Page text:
If you have been dealing with sleepless nights, put away the sleeping aids and give yoga a chance to work its magic.
A new study, conducted at Harvard Medical School, has brought good news to those who have trouble sleeping. The study indicates that yoga can help those who suffer from chronic insomnia .
Almost everyone knows that yoga is an ancient practice. It is believed to date back as far as the sixth and fifth century BC. Having originated in ancient India, it was introduced to the Western world in the late 19th and early 20th century.
Yoga became a popular form of exercise in the 1980s. Since then, the popularity of yoga has risen constantly among those looking to improve their physical and mental health.
The benefits of yoga continue to be researched and discovered. Past research has already shown the yoga is effective in improving sleep for cancer survivors , post-menopausal women
, and those suffering from osteoarthritis
. This recent study performed at Harvard Medical School was unique as it addressed whether yoga benefited those who suffered from insomnia. The participants in the study comprised of individuals who suffered from either primary or secondary insomnia.** Primary insomnia** is insomnia that has developed on its own without contributing factors such as a sleep disorder or health problem.** Secondary insomnia** is insomnia that has developed as a symptom of another condition such as chronic pain conditions, sleep disorders, and depression.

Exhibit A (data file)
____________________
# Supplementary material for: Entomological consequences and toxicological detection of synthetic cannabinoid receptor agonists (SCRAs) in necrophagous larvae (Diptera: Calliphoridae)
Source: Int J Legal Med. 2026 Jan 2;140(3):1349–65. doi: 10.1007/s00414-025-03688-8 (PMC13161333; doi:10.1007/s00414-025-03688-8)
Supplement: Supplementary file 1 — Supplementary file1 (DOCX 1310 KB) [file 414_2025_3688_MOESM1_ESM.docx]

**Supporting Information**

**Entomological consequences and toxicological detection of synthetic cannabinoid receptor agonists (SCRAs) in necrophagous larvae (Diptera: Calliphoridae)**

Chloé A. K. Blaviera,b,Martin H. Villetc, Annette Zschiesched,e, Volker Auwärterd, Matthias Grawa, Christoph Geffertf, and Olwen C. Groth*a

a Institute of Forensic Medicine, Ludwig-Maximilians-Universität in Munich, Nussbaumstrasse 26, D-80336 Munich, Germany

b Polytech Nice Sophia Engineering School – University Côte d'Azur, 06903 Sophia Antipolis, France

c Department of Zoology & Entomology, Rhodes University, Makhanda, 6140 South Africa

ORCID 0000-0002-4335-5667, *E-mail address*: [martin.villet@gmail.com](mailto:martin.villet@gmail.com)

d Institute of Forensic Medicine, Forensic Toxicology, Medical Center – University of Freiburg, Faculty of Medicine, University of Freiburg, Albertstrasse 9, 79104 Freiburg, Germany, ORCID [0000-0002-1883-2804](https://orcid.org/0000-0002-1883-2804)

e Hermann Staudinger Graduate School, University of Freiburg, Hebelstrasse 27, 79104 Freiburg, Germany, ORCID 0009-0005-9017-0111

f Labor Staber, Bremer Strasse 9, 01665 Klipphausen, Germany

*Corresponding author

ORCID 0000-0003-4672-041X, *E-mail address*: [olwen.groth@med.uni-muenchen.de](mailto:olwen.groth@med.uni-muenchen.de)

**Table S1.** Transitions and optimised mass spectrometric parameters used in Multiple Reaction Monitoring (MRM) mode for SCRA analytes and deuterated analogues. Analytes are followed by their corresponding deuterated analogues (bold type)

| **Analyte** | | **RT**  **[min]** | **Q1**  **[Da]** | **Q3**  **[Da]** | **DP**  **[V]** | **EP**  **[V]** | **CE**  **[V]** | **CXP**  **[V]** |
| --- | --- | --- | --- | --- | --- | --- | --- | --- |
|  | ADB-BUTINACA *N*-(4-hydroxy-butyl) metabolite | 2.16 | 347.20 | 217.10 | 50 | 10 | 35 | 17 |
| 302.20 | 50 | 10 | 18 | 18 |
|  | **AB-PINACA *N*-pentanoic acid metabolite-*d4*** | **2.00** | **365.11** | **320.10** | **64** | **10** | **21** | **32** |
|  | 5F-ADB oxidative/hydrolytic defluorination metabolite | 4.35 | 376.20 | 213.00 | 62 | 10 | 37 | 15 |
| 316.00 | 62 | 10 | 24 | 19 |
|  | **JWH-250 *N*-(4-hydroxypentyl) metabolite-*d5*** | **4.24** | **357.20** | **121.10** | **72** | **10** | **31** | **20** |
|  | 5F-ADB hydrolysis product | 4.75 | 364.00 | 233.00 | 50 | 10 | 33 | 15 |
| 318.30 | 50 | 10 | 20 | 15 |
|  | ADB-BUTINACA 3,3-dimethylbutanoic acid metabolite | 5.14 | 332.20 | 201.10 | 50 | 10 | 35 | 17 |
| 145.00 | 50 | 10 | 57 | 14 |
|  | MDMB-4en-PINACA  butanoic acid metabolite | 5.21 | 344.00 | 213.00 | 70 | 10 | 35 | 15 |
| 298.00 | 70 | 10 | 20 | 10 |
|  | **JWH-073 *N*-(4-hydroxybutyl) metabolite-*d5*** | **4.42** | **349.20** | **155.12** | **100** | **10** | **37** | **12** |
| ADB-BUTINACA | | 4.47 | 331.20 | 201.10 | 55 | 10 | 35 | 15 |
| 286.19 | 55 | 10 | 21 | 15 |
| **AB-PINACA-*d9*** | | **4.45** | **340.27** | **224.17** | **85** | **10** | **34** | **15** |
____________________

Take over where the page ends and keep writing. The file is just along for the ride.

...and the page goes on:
The study was to determine how practicing yoga on a daily basis affected the sleep of insomniacs. Participants were given basic yoga training and performed it daily for eight weeks. Sleep diaries were kept two weeks prior to the study and for the duration of the study. Records were kept of sleep time, the number of nocturnal awakenings, how long it took to fall back asleep, as well as other details such as sleep quality.
At the conclusion of the study, the information in the sleep diaries was analyzed.
Improvements were found in several areas of sleep including how long it took participants to fall asleep, total sleep time, total wake time, wake time after sleep occurred, and sleep efficiency. While there has not been much research conducted on yoga's effects strictly on insomniacs, this study concluded that yoga did improve sleep for this group.
With an estimated 15 percent of the population suffering from insomnia, this is welcome news. Yoga is easy to learn, there is essentially no cost to do it, and it can be done in the privacy of your own home. Yoga not only calms the mind, it soothes the body and prepares it for slumber. To reap this ancient practice's full sleep benefits, it should be done in the evening within the hour or so leading up to bedtime. A 15-20 minute yoga routine that is filled with slow, gentle, basic postures is ideal.
Martin is the creator of Insomnia Land's free online sleep training course for insomnia. Over 2,500 insomniacs have completed his course and 98% of graduates say they would recommend it to a friend.
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 Mustian, K. M. et al. "Multicenter, randomized controlled trial of yoga for sleep quality among cancer survivors",
Journal Of Clinical Oncology: Official Journal Of The American Society Of Clinical Oncology, 2013, vol. 31, issue 26, p 3233. Web. 31 March 2015.
 Ghasemi, G. A. et al. "Effects of Hata Yoga on Knee Osteoarthritis", International Journal of Preventive Medicine, 4(Suppl 1), S133-S138. Web. 31 March 2015.
 Afonso, R. F. et al. "Yoga decreases insomnia in postmenopausal women: a randomized clinical trial",
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